The U.S. economy added 165,000 jobs in April, which caused the unemployment rate to fall to a 4-year low at 7.5 percent.
More significant, perhaps, are the revisions to March’s gains (up 50,000) to 138,000 and February’s gains (up 64,000) to 332,000. Together, those upwardly revised numbers takes the sting away from March’s dismal numbers and helps to reduce some of the unevenness in job growth.
Meantime, joblessness continues to slowly tick lower. The unemployment rate dropped to 7.5% last month, compared to 7.6% in March. It has fallen from by 40 basis points since January.
Stocks rose following the better-than-expected jobs data. Dow Jones industrial futures gained 103.42 points to 14,767.58. Nasdaq composite futures increased 20.6 points to 2,903.94. S&P 500 futures was up 11.4 points to 1,592.62.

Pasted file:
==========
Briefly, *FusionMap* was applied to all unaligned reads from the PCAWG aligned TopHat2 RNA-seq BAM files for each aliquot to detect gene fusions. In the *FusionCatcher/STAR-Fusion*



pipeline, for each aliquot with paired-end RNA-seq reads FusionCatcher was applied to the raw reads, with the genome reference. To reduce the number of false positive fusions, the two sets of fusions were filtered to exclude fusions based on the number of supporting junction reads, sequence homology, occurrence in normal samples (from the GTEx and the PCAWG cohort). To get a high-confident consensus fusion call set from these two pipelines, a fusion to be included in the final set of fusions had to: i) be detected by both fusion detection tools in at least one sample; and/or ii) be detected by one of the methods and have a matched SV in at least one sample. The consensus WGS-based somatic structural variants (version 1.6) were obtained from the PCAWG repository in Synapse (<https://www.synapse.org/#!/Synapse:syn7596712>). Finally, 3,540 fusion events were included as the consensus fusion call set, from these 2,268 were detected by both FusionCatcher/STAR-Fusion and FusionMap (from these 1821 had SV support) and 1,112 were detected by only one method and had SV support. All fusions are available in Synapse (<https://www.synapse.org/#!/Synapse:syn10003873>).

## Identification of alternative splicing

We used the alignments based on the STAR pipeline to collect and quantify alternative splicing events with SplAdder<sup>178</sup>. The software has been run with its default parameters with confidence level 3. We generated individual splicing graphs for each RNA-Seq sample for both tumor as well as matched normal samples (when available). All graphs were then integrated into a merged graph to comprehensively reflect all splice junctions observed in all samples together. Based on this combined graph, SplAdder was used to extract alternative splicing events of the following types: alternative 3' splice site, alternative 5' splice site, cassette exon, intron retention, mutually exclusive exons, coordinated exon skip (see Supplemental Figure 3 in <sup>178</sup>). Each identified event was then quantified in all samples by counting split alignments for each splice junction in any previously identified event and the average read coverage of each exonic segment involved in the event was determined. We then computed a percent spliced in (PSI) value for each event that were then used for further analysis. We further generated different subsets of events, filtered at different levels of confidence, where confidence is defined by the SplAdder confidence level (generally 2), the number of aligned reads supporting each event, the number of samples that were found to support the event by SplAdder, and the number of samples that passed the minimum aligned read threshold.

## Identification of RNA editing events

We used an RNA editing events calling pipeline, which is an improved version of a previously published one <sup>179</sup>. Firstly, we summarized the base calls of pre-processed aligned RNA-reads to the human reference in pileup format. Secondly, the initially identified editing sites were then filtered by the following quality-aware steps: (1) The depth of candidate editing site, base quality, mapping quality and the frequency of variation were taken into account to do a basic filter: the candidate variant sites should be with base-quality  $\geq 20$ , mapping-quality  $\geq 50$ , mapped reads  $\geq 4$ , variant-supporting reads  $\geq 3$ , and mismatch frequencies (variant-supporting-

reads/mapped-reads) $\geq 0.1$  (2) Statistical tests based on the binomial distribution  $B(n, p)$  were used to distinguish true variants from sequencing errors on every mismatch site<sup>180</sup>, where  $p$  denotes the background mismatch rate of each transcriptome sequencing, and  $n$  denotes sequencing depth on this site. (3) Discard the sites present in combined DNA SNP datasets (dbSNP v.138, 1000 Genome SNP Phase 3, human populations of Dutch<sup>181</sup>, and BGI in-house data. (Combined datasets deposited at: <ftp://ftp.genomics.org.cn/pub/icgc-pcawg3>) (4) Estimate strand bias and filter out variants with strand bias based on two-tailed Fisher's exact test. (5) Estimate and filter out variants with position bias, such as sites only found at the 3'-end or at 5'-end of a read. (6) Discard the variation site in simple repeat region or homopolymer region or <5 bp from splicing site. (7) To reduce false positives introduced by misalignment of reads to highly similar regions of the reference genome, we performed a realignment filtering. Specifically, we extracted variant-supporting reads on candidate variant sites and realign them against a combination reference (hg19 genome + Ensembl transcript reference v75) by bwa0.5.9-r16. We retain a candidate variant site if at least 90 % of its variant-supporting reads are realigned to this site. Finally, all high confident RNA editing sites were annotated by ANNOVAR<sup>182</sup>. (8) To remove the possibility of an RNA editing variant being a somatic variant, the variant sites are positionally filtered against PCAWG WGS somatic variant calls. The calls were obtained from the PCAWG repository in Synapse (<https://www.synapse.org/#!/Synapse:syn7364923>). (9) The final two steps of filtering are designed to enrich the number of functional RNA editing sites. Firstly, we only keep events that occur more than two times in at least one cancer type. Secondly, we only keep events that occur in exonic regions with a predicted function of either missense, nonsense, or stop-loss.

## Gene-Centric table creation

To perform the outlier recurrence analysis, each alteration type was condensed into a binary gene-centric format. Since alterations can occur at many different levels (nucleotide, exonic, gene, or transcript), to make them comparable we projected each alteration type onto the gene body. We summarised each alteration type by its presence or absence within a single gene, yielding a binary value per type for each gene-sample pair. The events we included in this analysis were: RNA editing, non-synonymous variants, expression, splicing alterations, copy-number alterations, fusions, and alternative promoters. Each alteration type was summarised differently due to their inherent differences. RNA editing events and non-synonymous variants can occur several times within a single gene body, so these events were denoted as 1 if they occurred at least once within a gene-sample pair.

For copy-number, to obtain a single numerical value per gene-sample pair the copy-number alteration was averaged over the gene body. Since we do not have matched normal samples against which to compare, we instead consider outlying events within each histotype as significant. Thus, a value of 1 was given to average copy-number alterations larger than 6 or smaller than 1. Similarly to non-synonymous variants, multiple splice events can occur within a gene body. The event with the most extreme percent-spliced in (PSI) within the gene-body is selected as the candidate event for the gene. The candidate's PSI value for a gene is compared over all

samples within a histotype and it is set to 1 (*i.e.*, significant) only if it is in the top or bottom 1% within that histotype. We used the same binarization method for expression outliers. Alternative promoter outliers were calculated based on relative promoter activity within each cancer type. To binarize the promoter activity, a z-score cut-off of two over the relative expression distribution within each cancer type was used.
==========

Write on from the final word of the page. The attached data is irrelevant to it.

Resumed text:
Still the economy is far from completely healed. The labor-force participation rate remains dismally low–remaining at 63.3% in April–at levels unseen since the 1970s, a period when an entire portion of the U.S. population (women) was less likely to work. And despite the upside surprise for the April data, the 165,000 jobs are woefully beneath the point at which the economy needs to reach to hasten the recovery. Economists say the nation must add nearly double that number, closer to 250,000 to 300,000.
The government is now the biggest drag on the job market. Overall, federal, state and local governments cut 11,000 jobs in April.